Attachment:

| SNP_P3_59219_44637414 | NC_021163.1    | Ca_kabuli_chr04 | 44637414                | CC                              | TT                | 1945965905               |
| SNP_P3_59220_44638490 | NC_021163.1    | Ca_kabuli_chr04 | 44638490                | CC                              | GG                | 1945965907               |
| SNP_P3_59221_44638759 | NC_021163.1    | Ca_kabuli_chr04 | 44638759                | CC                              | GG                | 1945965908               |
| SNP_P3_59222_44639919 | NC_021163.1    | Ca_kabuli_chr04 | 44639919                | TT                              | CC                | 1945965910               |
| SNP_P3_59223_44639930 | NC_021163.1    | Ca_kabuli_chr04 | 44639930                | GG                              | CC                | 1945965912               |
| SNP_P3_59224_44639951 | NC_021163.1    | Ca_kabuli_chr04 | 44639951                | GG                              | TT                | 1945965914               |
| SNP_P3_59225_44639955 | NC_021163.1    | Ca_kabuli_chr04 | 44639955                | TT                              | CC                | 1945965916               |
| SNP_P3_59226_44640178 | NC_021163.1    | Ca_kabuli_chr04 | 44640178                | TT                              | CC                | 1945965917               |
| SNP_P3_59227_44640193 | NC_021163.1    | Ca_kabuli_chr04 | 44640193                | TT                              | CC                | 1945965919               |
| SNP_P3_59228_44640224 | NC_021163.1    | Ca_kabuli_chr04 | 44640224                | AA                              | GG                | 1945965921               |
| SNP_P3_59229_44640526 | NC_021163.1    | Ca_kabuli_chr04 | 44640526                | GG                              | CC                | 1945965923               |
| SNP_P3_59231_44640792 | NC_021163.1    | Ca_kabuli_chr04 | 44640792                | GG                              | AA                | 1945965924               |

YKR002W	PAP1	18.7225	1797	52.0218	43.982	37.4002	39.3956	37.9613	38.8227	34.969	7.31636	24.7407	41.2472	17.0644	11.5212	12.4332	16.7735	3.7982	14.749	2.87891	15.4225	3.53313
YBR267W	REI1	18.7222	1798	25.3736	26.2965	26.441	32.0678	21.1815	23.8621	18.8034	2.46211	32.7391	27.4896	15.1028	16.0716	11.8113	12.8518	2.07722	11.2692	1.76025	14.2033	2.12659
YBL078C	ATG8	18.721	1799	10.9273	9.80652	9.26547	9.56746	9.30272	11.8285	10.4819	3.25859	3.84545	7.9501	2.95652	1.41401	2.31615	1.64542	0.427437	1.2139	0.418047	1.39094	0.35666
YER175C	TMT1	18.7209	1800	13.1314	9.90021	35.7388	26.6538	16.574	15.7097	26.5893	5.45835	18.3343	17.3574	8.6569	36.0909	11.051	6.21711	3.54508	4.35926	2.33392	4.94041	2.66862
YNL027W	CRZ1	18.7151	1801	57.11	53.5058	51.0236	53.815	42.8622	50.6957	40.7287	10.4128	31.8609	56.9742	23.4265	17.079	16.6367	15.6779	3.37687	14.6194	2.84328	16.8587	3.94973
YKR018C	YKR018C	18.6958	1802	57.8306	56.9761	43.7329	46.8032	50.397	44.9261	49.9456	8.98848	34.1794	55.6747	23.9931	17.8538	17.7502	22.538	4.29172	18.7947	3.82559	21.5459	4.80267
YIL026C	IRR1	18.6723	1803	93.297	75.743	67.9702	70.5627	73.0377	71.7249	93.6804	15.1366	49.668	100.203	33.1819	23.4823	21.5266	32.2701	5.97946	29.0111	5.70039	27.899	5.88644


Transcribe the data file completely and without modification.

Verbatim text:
| SNP_P3_59219_44637414 | NC_021163.1    | Ca_kabuli_chr04 | 44637414                | CC                              | TT                | 1945965905               |
| SNP_P3_59220_44638490 | NC_021163.1    | Ca_kabuli_chr04 | 44638490                | CC                              | GG                | 1945965907               |
| SNP_P3_59221_44638759 | NC_021163.1    | Ca_kabuli_chr04 | 44638759                | CC                              | GG                | 1945965908               |
| SNP_P3_59222_44639919 | NC_021163.1    | Ca_kabuli_chr04 | 44639919                | TT                              | CC                | 1945965910               |
| SNP_P3_59223_44639930 | NC_021163.1    | Ca_kabuli_chr04 | 44639930                | GG                              | CC                | 1945965912               |
| SNP_P3_59224_44639951 | NC_021163.1    | Ca_kabuli_chr04 | 44639951                | GG                              | TT                | 1945965914               |
| SNP_P3_59225_44639955 | NC_021163.1    | Ca_kabuli_chr04 | 44639955                | TT                              | CC                | 1945965916               |
| SNP_P3_59226_44640178 | NC_021163.1    | Ca_kabuli_chr04 | 44640178                | TT                              | CC                | 1945965917               |
| SNP_P3_59227_44640193 | NC_021163.1    | Ca_kabuli_chr04 | 44640193                | TT                              | CC                | 1945965919               |
| SNP_P3_59228_44640224 | NC_021163.1    | Ca_kabuli_chr04 | 44640224                | AA                              | GG                | 1945965921               |
| SNP_P3_59229_44640526 | NC_021163.1    | Ca_kabuli_chr04 | 44640526                | GG                              | CC                | 1945965923               |
| SNP_P3_59231_44640792 | NC_021163.1    | Ca_kabuli_chr04 | 44640792                | GG                              | AA                | 1945965924               |

YKR002W	PAP1	18.7225	1797	52.0218	43.982	37.4002	39.3956	37.9613	38.8227	34.969	7.31636	24.7407	41.2472	17.0644	11.5212	12.4332	16.7735	3.7982	14.749	2.87891	15.4225	3.53313
YBR267W	REI1	18.7222	1798	25.3736	26.2965	26.441	32.0678	21.1815	23.8621	18.8034	2.46211	32.7391	27.4896	15.1028	16.0716	11.8113	12.8518	2.07722	11.2692	1.76025	14.2033	2.12659
YBL078C	ATG8	18.721	1799	10.9273	9.80652	9.26547	9.56746	9.30272	11.8285	10.4819	3.25859	3.84545	7.9501	2.95652	1.41401	2.31615	1.64542	0.427437	1.2139	0.418047	1.39094	0.35666
YER175C	TMT1	18.7209	1800	13.1314	9.90021	35.7388	26.6538	16.574	15.7097	26.5893	5.45835	18.3343	17.3574	8.6569	36.0909	11.051	6.21711	3.54508	4.35926	2.33392	4.94041	2.66862
YNL027W	CRZ1	18.7151	1801	57.11	53.5058	51.0236	53.815	42.8622	50.6957	40.7287	10.4128	31.8609	56.9742	23.4265	17.079	16.6367	15.6779	3.37687	14.6194	2.84328	16.8587	3.94973
YKR018C	YKR018C	18.6958	1802	57.8306	56.9761	43.7329	46.8032	50.397	44.9261	49.9456	8.98848	34.1794	55.6747	23.9931	17.8538	17.7502	22.538	4.29172	18.7947	3.82559	21.5459	4.80267
YIL026C	IRR1	18.6723	1803	93.297	75.743	67.9702	70.5627	73.0377	71.7249	93.6804	15.1366	49.668	100.203	33.1819	23.4823	21.5266	32.2701	5.97946	29.0111	5.70039	27.899	5.88644